The Church revolutionised the status of the slave long before there could be any thought of abolishing slavery. The inalienable rights of the slave to marriage and then family were safeguarded from the first by the precepts of the Church, and were later secured by legal enactment in the Theodosian code, which was later revised and classified by Justinian (A.D. 527-565). The law followed where the Church had led. The granting of religious equality to slaves was a silent but tremendous revolution – emancipated slaves were often raised to the priesthood and even to the very Chair of St Peter, Pius I and Callistus I in the second and third centuries. (Ibid. p 187).
[See *The Victory of Reason, Rodney Stark, Random House, 2005, p 30].

Christ commanded love - love of God and love of others. Slavery is a terrible breach of this.


#11

Why did a Roman Catholic pope implicitly approve it in the papal bull Romanus Pontifex?


#12

As used here, "slavery" is the condition of involuntary servitude in which a human being is regarded as no more than the property of another, as being without basic human rights; in other words, as a thing rather than a person.

Under this definition, slavery is intrinsically evil, since no person may legitimately be reduced to the status of a mere thing or object and thus become capable of being the property of another person. This form of slavery can be called "chattel slavery"...

...However, there are circumstances in which a person can justly be compelled to servitude against his will. Prisoners of war or criminals, for example, can justly lose their circumstantial freedom and be forced into servitude, within certain limits. Moreover, people can also "sell" their labor for a period of time (indentured servitude)...

Nicholas V refers to wars in Romanus Pontifex. Matters of war and imprisonment are prudential teachings, not infallible teachings.
archive.catholic.com/thisrock/1999/9907fea2.asp

Such servitude is not slavery.

There existed the practice of various types of slavery before the 15th century. However, it was not until the 15th century, and with growing frequency from the 16th to the 19th centuries, that racial slavery as we know it became a major problem. It is this form of servitude that is called to mind when we think today of the institution of slavery, and is the type which was to prevail in parts of the New World for over four centuries.


#13

[quote="Abu, post:12, topic:339703"]
As used here, "slavery" is the condition of involuntary servitude in which a human being is regarded as no more than the property of another, as being without basic human rights; in other words, as a thing rather than a person.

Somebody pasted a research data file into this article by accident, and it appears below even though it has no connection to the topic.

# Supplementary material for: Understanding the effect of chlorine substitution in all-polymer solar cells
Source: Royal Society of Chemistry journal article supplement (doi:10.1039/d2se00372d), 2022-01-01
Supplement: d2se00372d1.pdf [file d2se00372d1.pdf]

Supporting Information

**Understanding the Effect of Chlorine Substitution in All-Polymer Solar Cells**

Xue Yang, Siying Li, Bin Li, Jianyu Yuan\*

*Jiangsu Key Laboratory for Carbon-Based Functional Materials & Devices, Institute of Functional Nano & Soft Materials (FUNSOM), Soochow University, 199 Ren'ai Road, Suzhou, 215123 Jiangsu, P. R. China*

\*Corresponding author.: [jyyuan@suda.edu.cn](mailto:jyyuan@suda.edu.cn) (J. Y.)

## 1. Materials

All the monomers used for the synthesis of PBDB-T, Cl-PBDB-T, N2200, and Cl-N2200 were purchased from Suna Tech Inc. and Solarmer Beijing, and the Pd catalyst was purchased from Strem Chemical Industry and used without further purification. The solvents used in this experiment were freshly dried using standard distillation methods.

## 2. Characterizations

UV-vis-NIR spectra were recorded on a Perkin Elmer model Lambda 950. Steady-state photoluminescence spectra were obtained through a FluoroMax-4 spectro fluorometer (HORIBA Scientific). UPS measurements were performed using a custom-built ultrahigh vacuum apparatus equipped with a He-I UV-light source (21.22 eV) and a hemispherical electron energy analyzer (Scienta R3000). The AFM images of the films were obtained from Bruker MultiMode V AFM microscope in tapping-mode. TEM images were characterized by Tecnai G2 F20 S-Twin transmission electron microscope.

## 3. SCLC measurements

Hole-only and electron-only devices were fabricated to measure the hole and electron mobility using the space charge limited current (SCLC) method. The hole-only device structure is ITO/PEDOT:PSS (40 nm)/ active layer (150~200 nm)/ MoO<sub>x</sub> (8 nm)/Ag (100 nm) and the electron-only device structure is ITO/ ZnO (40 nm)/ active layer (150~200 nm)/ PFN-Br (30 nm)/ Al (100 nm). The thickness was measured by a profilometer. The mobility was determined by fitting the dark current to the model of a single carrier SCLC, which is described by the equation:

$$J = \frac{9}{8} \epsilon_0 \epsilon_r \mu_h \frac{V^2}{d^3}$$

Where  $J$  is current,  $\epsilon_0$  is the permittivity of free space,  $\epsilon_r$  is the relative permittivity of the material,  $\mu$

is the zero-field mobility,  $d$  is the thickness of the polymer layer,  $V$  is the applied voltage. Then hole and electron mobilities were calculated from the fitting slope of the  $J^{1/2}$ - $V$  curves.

Under this definition, slavery is intrinsically evil, since no person may legitimately be reduced to the status of a mere thing or object and thus become capable of being the property of another person. This form of slavery can be called "chattel slavery"...

...However, there are circumstances in which a person can justly be compelled to servitude against his will. Prisoners of war or criminals, for example, can justly lose their circumstantial freedom and be forced into servitude, within certain limits. Moreover, people can also "sell" their labor for a period of time (indentured servitude)...

Nicholas V refers to wars in Romanus Pontifex. Matters of war and imprisonment are prudential teachings, not infallible teachings.
archive.catholic.com/thisrock/1999/9907fea2.asp

Such servitude is not slavery.

There existed the practice of various types of slavery before the 15th century. However, it was not until the 15th century, and with growing frequency from the 16th to the 19th centuries, that racial slavery as we know it became a major problem. It is this form of servitude that is called to mind when we think today of the institution of slavery, and is the type which was to prevail in parts of the New World for over four centuries.

[/quote]

Didn't Roman Catholic priests own and keep slaves. And in fact, did a RC pope own a slave? No one objected?


#14

Tomdstone #13
Didn't Roman Catholic priests own and keep slaves. And in fact, did a RC pope own a slave? No one objected?

The reality is that the teaching hasn't changed. The Church has always condemned unjust servitude while maintaining that “just” servitude is not contrary to natural or divine law. We have already seen the strictures over servitude.

See post #9 especially:
The Church revolutionised the status of the slave long before there could be any thought of abolishing slavery. The inalienable rights of the slave to marriage and then family were safeguarded from the first by the precepts of the Church, and were later secured by legal enactment in the Theodosian code, which was later revised and classified by Justinian (A.D. 527-565). The law followed where the Church had led. The granting of religious equality to slaves was a silent but tremendous revolution – emancipated slaves were often raised to the priesthood and even to the very Chair of St Peter, Pius I and Callistus I in the second and third centuries. (Ibid. p 187).
[See *The Victory of Reason, Rodney Stark, Random House, 2005, p 30].


#15

[quote="Abu, post:14, topic:339703"]
The reality is that the teaching hasn't changed. ].

[/quote]